Now, I visited the site and tested it for usability problems that weren't obvious from the gif, such as if it could be used with a touchscreen or keyboard. (It can't.) The interface failed miserably in too many ways to mention.

But what does this have to do with the menu opening on hover? Nothing, absolutely nothing. There's no reason why having a menu that opens on hover would cause these issues. But also having the menu open on a click wouldn't per se fix the issues. Only putting effort into identifying and fixing the issues would be adequate.

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    I think that "annoying" is an understatement... It would probably be infuriating to accidentally moving the mouse over a tab, while trying to read something, and having it change all the time... Commented Jan 5, 2022 at 16:47
  • @Laurel Good points. FWIW, I've added the URL for the original example: antv.vision/en Commented Jan 6, 2022 at 16:15

Having content-obscuring changes happen at all on "hover" is an accessibility bug, so this is a non-starter. Not only may it be difficult or impossible for users with particular accessibility assistance devices to discover or trigger the hover behavior. It can also limit accessibility for:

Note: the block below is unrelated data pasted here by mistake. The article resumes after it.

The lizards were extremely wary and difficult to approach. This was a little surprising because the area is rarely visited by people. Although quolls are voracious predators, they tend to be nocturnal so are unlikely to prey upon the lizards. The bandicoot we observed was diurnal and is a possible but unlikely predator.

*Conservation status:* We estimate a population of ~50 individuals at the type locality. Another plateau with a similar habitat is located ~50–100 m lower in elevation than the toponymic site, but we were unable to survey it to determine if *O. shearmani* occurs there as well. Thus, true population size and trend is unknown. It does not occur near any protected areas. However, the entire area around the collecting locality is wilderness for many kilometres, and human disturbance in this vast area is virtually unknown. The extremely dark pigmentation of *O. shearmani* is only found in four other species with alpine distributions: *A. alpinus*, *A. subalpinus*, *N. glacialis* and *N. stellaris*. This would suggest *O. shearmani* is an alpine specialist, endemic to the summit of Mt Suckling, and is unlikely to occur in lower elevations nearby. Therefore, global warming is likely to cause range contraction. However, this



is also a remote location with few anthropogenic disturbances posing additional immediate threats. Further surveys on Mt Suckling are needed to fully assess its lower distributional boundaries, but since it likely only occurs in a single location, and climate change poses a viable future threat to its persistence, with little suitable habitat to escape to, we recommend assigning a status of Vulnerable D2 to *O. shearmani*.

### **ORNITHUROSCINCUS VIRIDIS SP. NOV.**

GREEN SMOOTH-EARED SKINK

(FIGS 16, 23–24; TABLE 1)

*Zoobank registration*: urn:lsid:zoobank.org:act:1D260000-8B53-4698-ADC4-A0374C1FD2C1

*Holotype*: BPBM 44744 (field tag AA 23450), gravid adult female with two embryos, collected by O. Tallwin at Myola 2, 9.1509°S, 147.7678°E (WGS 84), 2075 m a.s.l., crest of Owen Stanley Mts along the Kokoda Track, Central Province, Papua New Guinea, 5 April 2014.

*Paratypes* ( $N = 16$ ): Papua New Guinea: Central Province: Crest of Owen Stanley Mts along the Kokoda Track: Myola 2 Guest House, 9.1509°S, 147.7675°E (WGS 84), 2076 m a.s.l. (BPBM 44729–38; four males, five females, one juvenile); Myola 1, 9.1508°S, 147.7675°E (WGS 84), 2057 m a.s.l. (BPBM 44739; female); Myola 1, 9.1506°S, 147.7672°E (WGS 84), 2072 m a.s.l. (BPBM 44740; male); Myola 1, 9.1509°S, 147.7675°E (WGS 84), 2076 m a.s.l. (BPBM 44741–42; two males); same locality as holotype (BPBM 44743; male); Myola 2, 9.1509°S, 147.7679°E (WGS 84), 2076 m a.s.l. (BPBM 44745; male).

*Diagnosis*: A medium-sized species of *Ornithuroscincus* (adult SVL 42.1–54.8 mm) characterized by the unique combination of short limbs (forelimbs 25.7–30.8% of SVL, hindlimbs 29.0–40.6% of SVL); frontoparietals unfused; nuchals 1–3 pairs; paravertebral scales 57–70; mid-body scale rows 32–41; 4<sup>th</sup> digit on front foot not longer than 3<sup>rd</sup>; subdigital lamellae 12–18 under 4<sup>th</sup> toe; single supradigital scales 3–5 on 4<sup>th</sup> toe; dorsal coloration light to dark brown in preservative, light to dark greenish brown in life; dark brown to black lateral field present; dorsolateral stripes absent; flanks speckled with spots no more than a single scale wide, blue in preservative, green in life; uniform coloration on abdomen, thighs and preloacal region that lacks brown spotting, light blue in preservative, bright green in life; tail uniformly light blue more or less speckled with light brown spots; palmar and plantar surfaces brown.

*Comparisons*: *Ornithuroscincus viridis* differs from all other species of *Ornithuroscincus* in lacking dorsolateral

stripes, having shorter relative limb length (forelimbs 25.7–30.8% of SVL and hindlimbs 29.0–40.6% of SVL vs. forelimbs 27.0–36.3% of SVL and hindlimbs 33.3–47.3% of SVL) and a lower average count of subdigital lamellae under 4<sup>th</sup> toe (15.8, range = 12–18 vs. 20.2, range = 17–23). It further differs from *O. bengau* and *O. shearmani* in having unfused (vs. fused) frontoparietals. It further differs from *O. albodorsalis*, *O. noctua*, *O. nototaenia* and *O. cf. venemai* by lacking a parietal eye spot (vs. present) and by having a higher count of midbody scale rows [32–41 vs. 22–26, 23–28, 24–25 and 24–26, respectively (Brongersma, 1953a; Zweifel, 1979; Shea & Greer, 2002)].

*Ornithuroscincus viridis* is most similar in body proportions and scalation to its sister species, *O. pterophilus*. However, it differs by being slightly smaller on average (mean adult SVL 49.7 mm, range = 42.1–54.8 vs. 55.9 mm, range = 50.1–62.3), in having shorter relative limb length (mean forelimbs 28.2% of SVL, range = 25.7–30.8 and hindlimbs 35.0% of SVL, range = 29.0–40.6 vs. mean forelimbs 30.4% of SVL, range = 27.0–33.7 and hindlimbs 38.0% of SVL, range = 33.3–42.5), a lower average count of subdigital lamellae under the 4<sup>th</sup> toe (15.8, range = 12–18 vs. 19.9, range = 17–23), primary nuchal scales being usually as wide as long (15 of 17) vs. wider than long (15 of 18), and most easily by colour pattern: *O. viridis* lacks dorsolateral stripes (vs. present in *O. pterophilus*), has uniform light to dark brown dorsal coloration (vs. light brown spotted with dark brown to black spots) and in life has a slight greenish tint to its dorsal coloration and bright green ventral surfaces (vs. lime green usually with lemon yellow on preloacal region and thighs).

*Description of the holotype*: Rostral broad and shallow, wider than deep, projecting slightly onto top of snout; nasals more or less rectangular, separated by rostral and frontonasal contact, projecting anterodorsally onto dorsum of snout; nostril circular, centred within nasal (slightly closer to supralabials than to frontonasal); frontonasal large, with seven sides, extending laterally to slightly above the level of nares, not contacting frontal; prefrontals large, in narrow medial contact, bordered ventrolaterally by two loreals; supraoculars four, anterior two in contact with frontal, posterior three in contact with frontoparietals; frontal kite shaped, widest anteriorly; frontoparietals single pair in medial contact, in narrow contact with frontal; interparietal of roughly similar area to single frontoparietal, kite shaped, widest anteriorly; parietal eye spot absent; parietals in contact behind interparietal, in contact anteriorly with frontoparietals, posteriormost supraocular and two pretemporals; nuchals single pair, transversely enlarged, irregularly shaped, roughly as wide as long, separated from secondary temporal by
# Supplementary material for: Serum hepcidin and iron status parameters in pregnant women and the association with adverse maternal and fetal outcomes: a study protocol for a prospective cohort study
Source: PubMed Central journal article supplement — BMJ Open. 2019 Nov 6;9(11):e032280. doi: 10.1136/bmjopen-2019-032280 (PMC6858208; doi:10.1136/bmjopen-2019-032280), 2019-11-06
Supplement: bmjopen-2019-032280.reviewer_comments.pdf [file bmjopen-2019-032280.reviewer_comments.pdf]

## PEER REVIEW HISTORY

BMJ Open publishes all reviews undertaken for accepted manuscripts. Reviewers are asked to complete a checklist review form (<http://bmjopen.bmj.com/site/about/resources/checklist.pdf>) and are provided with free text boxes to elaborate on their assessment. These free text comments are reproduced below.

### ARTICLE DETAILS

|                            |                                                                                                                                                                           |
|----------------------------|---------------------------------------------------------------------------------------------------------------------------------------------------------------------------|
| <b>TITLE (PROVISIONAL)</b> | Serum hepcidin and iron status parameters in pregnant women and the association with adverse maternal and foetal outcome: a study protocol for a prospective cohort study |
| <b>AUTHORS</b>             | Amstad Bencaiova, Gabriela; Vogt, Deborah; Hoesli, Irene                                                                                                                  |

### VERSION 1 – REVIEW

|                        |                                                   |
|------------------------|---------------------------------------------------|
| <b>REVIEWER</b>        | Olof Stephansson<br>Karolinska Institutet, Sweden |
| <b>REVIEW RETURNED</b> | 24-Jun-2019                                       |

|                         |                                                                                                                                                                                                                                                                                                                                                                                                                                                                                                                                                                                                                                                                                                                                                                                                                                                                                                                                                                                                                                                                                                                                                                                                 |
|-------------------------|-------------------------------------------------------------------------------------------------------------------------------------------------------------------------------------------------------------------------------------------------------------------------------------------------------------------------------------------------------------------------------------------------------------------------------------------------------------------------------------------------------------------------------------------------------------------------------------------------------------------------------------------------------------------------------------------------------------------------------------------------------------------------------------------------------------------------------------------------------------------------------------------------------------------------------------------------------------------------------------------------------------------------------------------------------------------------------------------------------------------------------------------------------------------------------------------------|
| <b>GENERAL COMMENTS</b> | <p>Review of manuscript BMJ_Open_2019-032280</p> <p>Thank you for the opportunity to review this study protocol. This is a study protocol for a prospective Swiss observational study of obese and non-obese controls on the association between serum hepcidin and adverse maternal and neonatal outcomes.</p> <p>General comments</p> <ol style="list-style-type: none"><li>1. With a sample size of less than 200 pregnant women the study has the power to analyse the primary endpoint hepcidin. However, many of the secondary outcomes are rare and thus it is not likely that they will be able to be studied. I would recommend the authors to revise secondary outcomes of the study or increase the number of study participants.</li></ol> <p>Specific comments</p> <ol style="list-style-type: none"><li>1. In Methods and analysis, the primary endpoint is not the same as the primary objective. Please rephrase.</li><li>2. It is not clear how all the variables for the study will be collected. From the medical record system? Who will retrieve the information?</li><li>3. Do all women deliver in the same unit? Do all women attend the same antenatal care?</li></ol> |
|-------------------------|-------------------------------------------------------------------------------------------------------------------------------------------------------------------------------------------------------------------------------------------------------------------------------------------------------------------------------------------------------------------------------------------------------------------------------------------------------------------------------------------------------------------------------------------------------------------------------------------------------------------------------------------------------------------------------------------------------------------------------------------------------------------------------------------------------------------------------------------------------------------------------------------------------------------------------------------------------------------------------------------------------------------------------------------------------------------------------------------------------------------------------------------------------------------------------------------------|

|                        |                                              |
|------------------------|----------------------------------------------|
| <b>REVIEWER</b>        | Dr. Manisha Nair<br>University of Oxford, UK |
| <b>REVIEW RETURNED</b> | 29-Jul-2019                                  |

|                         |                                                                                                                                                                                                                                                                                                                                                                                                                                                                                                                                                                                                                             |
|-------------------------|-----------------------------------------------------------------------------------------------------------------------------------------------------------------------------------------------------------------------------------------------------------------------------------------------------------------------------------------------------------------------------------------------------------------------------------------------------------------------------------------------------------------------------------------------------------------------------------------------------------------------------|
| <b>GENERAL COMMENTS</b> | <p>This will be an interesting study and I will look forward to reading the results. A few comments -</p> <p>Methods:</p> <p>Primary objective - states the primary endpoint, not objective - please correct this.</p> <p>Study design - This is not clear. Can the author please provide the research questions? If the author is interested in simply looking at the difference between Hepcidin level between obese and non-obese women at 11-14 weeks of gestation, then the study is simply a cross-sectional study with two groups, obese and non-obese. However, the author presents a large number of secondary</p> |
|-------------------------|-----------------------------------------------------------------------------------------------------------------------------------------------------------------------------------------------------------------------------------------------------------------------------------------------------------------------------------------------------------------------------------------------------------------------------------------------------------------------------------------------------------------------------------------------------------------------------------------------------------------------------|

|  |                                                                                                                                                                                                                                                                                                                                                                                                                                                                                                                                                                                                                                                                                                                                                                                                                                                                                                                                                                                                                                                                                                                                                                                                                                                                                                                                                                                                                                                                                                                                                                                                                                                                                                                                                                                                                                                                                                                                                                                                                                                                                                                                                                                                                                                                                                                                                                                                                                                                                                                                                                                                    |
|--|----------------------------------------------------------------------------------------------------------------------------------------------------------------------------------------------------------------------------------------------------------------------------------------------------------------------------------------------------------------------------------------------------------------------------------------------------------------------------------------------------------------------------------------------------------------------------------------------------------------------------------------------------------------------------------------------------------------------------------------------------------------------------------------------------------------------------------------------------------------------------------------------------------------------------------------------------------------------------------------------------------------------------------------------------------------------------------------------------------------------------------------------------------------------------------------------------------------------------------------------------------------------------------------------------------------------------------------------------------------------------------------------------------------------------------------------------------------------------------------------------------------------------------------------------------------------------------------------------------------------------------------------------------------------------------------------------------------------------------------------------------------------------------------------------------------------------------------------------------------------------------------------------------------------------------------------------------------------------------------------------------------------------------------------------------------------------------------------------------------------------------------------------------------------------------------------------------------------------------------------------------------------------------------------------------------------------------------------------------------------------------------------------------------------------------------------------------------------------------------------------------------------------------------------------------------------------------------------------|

• users who do not use assistance tech but who have perceptual/attention issues whereby the hover reaction severerly disrupts their reading,

  • or who need to use the mouse pointer to track what they're reading, only to find what they're reading becomes hidden or altered as they do so,

  • or who have physical disabilities that make transitioning on and off of using the mouse or other pointing device excessively demanding, who find only a moment after they take their hand off the device (possibly shifting it at the same time) they have to try to regain control of it again just to get rid of whatever just popped up in front of what they were trying to read.

Accessible design can at most use the hover action for non-essential visual cues that do not reflow the page or obscure any content.

  • "physical disabilities that make transitioning on and off of using the mouse or other pointing device excessively demanding" - or lack of decent surfaces to use a mouse on. Gaming mice work excessively poorly on mattresses in use, and sometimes you simply don't have a table. And the touch pad isn't much better. Commented Jan 6, 2022 at 15:14
  • @JohnDvorak: Yes! While the hard mandate for accessibility is associated with not excluding users with disabilities, accessibility helps everyone by improving the ability to use the interface under conditions the designer didn't anticipate. Commented Jan 6, 2022 at 16:42

I'm curious what are the websites where you have seen this pattern emerge. To my knowledge this is not common.